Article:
Okay, fact number eight. As I said last time, the success of the coup pulled off in Guatemala in ’54, with the backing of the CIA, was the source of much optimism that the Cuban attempt would also succeed. But another possible source of that optimism was the fact that Castro was supposed to be dead when the exiles hit the beach or shortly thereafter. From the beginning, the CIA was committed to the assassination of Fidel Castro, whose personal charisma was so critical to the success of his movement. And that charisma, by the way, mostly baffled John F. Kennedy, whose personal style was almost the polar opposite. Kennedy used to say, “Why doesn’t he take off those fatigues? Doesn’t he know the war is over?” No. To the communist, the war is never over. It’s a religion of perpetual domination, which is why communists are just so awful to be around.


But certainly, a headless Cuban regime in ’61 would have been substantially easier to overthrow. So, this parallel track of assassination started in December of 1959, when Bissell asked Dr. Sidney Gottlieb, head of the Chemical Division of the CIA’s Technical Services Staff -- I love the innocent-sounding names of these divisions -- Gottlieb, a trained chemist whose nickname in the Agency was the “Black Sorcerer,” was in charge of not only the production of various lethal concoctions but experiments in mind control, using LSD and other powerful drugs on unwitting subjects. That aside, I’m sure he was a lovely man.


Things took an even darker turn in the summer of 1960, when the CIA extended one of its tentacles, in the form of an intermediary named Robert Maheu, to the mob regarding this Castro hit. Maheu, a former FBI agent who took on freelance gigs for the CIA, met with three kingpins of the Mafia: Sam Giancana, of Chicago; Giancana’s West Coast associate, John Roselli; and Santos Trafficante, former chief of the Havana underworld who’d been jailed, then expelled by Castro in ’59 and was now plying his trade in Florida. Maheu, by the way, did not tell this trio that he was working for the CIA. He portrayed himself as an advocate for a cabal of international corporations that had placed a $150,000 bounty on the head of Fidel Castro.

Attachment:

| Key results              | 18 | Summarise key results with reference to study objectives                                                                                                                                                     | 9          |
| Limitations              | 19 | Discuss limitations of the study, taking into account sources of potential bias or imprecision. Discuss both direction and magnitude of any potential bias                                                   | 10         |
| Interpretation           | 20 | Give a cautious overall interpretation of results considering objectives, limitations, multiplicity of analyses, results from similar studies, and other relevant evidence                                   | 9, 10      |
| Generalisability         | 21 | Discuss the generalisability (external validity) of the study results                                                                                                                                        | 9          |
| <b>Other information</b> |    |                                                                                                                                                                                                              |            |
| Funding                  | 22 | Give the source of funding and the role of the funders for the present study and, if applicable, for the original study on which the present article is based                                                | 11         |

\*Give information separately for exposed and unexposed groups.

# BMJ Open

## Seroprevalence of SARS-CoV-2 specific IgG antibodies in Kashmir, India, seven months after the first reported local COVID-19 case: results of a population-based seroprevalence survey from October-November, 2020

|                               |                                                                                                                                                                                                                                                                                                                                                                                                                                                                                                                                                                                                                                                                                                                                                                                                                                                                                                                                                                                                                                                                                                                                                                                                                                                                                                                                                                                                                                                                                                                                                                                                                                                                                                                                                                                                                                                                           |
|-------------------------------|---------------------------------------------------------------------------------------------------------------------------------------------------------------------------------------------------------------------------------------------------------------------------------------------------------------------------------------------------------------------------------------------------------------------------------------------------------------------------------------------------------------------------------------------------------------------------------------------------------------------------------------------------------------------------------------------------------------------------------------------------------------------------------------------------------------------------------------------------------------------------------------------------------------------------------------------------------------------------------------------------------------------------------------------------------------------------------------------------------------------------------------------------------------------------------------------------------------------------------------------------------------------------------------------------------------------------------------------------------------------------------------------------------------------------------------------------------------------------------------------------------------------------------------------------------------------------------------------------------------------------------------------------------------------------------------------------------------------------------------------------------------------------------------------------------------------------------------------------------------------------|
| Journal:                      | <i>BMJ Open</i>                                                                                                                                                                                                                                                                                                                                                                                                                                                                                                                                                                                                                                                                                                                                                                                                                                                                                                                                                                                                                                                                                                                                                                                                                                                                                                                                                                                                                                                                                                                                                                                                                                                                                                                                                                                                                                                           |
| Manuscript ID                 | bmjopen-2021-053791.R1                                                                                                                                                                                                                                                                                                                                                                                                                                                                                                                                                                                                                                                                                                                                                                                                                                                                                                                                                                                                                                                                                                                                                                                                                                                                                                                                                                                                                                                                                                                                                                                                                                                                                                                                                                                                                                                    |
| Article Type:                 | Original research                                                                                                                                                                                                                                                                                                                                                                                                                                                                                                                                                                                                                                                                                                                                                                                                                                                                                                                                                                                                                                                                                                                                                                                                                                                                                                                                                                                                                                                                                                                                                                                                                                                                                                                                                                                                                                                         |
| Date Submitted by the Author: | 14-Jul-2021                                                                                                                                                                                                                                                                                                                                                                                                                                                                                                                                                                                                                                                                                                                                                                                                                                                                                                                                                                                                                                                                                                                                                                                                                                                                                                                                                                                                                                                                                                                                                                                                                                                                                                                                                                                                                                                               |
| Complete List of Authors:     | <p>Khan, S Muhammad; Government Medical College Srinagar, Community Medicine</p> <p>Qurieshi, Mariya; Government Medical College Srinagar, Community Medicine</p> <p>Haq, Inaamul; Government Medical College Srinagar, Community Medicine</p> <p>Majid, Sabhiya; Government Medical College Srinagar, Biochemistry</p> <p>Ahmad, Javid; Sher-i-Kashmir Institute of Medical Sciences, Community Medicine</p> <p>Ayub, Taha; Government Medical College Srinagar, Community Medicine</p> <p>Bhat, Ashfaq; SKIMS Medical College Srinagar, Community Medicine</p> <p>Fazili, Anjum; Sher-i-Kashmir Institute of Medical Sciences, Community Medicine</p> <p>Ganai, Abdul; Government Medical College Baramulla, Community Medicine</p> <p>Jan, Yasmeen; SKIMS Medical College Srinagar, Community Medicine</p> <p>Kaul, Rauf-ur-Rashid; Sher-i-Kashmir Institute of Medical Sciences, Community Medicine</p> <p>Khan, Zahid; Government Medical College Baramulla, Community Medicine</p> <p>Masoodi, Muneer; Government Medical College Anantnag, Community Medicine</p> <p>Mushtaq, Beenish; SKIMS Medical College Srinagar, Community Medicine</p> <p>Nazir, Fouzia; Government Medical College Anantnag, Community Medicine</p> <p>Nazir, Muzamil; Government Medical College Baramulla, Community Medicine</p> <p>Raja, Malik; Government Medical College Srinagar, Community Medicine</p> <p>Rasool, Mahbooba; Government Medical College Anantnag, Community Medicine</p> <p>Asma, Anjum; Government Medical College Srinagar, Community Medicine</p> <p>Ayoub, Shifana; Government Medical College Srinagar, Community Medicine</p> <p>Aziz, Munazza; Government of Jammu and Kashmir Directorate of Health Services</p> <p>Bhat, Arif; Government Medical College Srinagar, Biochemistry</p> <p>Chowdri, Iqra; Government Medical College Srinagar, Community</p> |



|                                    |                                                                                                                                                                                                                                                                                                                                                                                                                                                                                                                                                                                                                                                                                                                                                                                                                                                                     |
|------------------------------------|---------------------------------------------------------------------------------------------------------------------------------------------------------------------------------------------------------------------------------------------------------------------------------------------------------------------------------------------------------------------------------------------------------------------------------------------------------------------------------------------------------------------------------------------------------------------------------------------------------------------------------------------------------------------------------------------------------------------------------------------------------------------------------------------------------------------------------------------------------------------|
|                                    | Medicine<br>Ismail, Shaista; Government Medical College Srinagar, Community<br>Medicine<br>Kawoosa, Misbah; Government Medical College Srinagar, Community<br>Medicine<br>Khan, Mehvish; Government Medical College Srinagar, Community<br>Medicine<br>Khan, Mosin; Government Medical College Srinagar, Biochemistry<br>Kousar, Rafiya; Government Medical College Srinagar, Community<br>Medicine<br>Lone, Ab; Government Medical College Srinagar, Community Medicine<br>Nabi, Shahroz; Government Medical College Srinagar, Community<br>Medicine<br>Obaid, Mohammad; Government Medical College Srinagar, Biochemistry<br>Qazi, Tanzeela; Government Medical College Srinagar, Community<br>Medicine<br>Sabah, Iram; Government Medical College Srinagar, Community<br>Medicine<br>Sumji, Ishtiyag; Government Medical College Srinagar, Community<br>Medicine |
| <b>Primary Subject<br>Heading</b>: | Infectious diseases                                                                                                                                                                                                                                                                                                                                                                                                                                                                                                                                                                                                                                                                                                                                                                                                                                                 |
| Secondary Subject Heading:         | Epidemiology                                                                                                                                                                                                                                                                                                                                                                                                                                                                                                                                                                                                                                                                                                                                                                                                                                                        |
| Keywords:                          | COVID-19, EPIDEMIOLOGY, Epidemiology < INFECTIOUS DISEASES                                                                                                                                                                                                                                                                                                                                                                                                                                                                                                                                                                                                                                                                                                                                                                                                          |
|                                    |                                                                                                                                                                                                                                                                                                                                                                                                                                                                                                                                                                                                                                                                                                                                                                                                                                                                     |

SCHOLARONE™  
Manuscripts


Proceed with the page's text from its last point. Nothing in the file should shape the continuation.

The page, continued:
But money aside, these mobsters were highly motivated. Castro had wiped out their lucrative casino business in Havana along with all its ancillary businesses: liquor, nightclub entertainment, prostitution, et cetera. So, Giancana offered his support and suggested delivering poison pills to a contact of his, Juan Orta, a government official still in Cuba who had access to Castro, thus initiating the first of a staggering number of failed assassination plots, as the pills -- produced by the aforementioned Black Sorcerer, Sidney Gottlieb -- were delivered to Orta. When he got cold feet, Anthony Verona, who was the head of a group called the Cuban Exile Junta, was tapped. He too was a washout, and so it went.


There was a special Senate Committee formed in 1975, led by Senator Frank Church of Idaho, which investigated abuses by the various intelligence agencies as well as the IRS. And the Church Committee identified 8 separate attempts by the CIA to assassinate Fidel Castro between 1960 and 1965, by various methods: poison cigars, exploding cigars, a ballpoint pen with a hypodermic preloaded with poison, traditional Mafia-style execution, there was a plan to blow him up during a visit to Ernest Hemingway’s museum in Cuba. And character assassination plots as well, which read like something out of a bad Ian Fleming knockoff: thallium salts to destroy Castro’s beard -- shades of Samson there -- lacing his radio studio with LSD to disorient him during broadcasts and damage his public image. None of this came to fruition. So there it is, your tax dollars hard at work.